- A HashMap (Java) or Dictionary (Python) of the individual Figures (that is, the squares labeled “A”, “B”, “C”, “1”, “2”, etc.) from the problem. The RavensFigures associated with keys “A”, “B”, and “C” are the problem itself, and those associated with the keys “1”, “2”, “3”, “4”, “5”, and “6” are the potential answer choices.
- A String representing the name of the problem and a String representing the type of problem (“2x2” or “3x3”).
- Variables hasVisual and hasVerbal indicating whether that problem has a visual or verbal representation (all problems this semester have visual representations, only some have verbal representations).
- RavensFigure: A single square from the problem, labeled either “A”, “B”, “C”, “1”, “2”, etc. All RavensFigures have a filename referring to the visual representation (in PNG form) of the figure’s contents. Problems with verbal representations also contain dictionaries of RavensObjects. In the example above, the squares labeled “A”, “B”, “C”, “1”, “2”, “3”, “4”, “5”, and “6” would each be separate instances of RavensFigure, each with a list of RavensObject.
- RavensObject: A single object, typically a shape such as a circle or square, within a RavensFigure. For example, in the problem above, the Figure “C” would have one RavensObject, representing the square in the figure. RavensObjects contain a name and a dictionary of attributes. Attributes are key-value pairs, where the key is the name of some general attribute (such as ‘size’, ‘shape’, and ‘fill’) and the value is the particular characteristic for that object (such as ‘large’, ‘circle’, and ‘yes). For example, the square in figure “C” could have three RavensAttributes: shape:square, fill:no, and size:very large. Generally, but not always, the representation will provide the shape, size, and fill attributes for all objects, as well as any other relevant information for the particular problem.
The documentation is ultimately somewhat straightforward, but it can be complicated when you’re initially getting used to it. The most important things to remember are:
- Every time Solve is called, your agent is given a single problem. By the end of Solve, it should return an answer as an integer. You don’t need to worry about how the problems are loaded from the files, how the problem sets are organized, or how the results are printed. You need only worry about writing the Solve method, which solves one question as a time.
- RavensProblems have a dictionary of RavensFigures, with each Figure representing one of the image squares in the problem and each key representing its letter (squares in the problem matrix) or number (answer choices). All RavensFigures have filenames so your agent can load the PNG with the visual representation. If the problem has a verbal representation as well (hasVerbal or hasVerbal() is true), then each RavensFigure has a dictionary of RavensObjects, each representing one shape in the Figure (such as a single circle, square, or triangle). Each RavensObject has a dictionary of attributes, such as “size”:“large”, “shape”:“triangle”, and “fill”:“yes”.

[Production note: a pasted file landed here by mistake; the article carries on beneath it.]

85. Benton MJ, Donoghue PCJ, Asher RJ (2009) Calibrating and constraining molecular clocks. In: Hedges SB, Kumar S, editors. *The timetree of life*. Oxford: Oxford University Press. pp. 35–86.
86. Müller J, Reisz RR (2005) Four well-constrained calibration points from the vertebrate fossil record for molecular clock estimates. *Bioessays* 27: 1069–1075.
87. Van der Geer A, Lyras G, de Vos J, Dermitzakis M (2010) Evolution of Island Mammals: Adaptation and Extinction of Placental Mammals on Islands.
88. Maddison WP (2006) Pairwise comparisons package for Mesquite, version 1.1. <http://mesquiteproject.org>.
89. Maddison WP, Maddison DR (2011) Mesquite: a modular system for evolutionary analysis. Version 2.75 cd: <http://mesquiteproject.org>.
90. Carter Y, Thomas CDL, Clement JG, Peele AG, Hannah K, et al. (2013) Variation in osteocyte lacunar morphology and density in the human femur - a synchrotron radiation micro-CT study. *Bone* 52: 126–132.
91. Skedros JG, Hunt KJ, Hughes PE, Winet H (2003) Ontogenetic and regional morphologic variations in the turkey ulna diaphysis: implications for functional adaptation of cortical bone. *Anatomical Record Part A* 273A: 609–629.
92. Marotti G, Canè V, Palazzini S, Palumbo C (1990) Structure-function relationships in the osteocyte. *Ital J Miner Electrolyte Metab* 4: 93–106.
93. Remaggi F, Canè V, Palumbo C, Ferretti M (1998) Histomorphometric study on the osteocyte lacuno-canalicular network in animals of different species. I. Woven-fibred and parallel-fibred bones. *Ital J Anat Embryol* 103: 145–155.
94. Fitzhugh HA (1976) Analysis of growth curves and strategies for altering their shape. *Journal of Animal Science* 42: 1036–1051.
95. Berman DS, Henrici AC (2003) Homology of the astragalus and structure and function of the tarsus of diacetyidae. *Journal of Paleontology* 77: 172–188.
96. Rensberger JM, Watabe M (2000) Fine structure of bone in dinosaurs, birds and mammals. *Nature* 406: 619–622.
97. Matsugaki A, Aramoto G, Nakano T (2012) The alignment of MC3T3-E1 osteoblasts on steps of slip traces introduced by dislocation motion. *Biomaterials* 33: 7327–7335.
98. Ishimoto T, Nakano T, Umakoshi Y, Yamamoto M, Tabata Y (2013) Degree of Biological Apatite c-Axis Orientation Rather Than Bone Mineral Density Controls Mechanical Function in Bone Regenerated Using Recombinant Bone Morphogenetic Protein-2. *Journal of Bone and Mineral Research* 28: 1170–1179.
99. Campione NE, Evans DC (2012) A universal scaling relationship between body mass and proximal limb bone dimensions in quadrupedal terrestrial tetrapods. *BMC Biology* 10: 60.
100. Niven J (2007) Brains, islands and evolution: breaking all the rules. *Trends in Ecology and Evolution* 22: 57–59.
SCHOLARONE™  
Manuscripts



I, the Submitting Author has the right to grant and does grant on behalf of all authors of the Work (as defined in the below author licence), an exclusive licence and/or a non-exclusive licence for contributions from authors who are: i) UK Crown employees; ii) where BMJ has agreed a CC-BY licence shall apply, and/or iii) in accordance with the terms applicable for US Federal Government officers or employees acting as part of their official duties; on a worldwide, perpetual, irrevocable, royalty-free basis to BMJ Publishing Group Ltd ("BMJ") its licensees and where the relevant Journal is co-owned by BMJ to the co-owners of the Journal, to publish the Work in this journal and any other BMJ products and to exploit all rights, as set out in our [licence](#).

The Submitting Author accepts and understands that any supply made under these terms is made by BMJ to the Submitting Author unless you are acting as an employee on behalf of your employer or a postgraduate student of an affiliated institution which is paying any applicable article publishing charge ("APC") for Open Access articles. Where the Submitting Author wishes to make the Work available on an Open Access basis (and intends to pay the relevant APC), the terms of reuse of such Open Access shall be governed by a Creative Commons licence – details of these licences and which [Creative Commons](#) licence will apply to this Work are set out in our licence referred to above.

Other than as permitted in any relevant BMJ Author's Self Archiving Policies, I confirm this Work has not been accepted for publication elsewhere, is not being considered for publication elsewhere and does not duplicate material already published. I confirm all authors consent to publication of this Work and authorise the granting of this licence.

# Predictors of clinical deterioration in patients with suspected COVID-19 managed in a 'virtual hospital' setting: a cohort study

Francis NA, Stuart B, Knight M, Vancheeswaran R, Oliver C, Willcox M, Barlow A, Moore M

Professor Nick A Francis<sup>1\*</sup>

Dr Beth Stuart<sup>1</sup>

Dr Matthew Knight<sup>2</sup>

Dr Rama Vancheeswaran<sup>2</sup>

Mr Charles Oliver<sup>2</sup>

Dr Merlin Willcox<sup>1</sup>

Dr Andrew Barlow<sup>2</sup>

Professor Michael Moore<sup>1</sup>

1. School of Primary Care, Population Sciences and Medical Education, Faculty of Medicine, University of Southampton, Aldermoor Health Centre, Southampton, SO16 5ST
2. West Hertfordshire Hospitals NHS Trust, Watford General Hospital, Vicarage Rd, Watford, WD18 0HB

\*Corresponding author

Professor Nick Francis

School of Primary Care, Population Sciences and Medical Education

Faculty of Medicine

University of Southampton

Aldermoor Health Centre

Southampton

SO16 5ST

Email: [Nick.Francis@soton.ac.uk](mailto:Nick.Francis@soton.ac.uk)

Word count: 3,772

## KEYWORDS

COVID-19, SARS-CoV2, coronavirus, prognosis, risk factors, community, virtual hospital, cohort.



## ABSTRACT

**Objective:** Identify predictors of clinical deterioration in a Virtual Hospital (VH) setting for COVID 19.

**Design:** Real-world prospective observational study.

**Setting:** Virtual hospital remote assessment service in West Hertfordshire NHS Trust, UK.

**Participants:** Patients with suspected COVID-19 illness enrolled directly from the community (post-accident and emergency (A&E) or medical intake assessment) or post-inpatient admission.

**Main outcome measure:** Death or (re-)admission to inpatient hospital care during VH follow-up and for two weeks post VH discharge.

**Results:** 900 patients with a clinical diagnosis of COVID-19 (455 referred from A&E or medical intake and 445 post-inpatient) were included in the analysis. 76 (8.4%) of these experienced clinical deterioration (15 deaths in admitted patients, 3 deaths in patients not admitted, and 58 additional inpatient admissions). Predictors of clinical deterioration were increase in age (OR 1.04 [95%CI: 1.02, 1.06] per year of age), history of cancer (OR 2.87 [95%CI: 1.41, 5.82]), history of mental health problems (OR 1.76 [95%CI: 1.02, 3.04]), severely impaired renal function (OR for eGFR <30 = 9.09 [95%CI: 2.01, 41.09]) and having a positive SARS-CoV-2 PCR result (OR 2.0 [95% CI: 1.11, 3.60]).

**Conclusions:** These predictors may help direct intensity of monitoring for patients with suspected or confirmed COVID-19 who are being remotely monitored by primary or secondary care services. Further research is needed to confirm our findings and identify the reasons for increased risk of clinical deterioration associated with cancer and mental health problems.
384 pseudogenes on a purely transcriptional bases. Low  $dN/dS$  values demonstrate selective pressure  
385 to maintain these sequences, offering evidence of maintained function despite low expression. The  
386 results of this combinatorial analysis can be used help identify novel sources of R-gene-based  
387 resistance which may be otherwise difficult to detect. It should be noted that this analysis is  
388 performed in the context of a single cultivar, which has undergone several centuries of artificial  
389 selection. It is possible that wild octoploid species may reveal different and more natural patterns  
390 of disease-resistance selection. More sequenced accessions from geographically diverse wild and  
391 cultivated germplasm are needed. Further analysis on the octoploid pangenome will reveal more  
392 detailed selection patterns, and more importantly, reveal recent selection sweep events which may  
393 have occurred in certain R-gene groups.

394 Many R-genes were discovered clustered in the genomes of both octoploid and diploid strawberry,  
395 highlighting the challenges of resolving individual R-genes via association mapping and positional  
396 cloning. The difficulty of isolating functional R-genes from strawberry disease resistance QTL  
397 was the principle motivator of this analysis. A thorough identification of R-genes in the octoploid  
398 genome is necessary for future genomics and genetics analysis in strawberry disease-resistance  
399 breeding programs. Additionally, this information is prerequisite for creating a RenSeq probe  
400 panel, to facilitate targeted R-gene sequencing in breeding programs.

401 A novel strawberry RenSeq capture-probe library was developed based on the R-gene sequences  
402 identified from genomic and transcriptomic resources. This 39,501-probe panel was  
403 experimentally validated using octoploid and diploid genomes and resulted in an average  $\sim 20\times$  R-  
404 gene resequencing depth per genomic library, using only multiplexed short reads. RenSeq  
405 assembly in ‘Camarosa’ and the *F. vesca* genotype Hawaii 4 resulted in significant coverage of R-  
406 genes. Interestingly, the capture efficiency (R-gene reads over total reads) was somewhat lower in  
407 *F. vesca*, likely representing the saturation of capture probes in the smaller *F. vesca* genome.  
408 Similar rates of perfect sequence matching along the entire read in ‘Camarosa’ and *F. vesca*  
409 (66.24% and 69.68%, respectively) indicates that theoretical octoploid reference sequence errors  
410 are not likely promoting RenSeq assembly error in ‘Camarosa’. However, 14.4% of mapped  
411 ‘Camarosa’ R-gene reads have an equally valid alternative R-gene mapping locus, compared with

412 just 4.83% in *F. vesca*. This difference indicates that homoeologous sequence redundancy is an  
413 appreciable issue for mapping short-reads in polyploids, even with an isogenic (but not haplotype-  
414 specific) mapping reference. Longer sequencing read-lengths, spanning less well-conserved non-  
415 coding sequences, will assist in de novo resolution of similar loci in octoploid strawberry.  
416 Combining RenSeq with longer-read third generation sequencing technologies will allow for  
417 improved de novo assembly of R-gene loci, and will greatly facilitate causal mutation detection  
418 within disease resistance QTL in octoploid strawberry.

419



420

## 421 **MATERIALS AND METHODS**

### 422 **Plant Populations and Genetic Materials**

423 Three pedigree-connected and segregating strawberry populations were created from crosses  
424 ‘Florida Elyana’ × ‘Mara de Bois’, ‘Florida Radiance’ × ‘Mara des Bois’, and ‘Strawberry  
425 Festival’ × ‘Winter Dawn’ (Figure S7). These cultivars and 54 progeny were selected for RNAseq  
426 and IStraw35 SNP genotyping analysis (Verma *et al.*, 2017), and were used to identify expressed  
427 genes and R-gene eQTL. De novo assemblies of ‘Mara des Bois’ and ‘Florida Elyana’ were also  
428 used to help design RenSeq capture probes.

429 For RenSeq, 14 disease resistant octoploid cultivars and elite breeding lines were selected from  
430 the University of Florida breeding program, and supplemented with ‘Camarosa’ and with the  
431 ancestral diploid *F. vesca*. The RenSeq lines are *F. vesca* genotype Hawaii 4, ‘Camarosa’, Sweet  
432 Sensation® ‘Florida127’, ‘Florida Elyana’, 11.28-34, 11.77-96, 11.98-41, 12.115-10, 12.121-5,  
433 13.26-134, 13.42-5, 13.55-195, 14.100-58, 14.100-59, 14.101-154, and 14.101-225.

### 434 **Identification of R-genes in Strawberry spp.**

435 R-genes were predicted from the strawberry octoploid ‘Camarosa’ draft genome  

No external libraries are permitted in Java. In Python, the only permitted libraries are the latest version of the Python image processing library Pillow and the latest version of numpy. For installation instructions on Pillow, see this page. For installation instructions on numpy, see this page. No other libraries are permitted.
Generally, we do not allow external libraries. For Java, you may use anything contained within the default Java 8 installation. Java 8 has plenty of image processing options. We recommend using BufferedImage, and we have included a bit of sample code below for loading images into BufferedImage. If you have other suggestions, please bring them up on Piazza!
Python has no native support for image processing, so an external library must be used. The only external library we support for image processing for Python is Pillow. You can install pillow simply by running easy_install pillow. More comprehensive information on installing Pillow can be found here. We have included a code segment below on loading an image from a file with Pillow.
Submitting Your Code
This class uses a server-side autograder to evaluate your submission. This means you can see how your code is performing against the Test problems even without seeing the problems themselves. Note that we will look at your submission history when evaluating your implementation: we want to see that you modified your agent over time, either to try to improve its performance or to experiment with different approaches. So, you should submit early and often. However, you are limited to 10 submissions per project to avoid over-stressing the autograder and to disincentivize “brute force” methods for solving the problems.
Below are the step-by-step submission instructions for submitting your agent to the autograder.
Getting Started with the Autograder
First, make sure your agent is built using the official framework. Follow the instructions under Working with the Code.
Then, install a couple of packages required for running the submit script by running:
pip install requests future
If you are using Python 3, please update the language.txt file to say ‘python3’ instead of ‘python’.
In your project directory (for either language) you will find a Python script called submit.py. When running it, two parameters must be provided: provider and assignment. provider should always be gt: `–provider gt`. For assignment, the available parameters are P1, P2, P3, and error-check. P1, P2, and P3 submit your code against the corresponding project. error-check submits your code just for a preemptive check to make sure it is properly formatted and runnable by the autograder. We strongly recommend you first run the error check: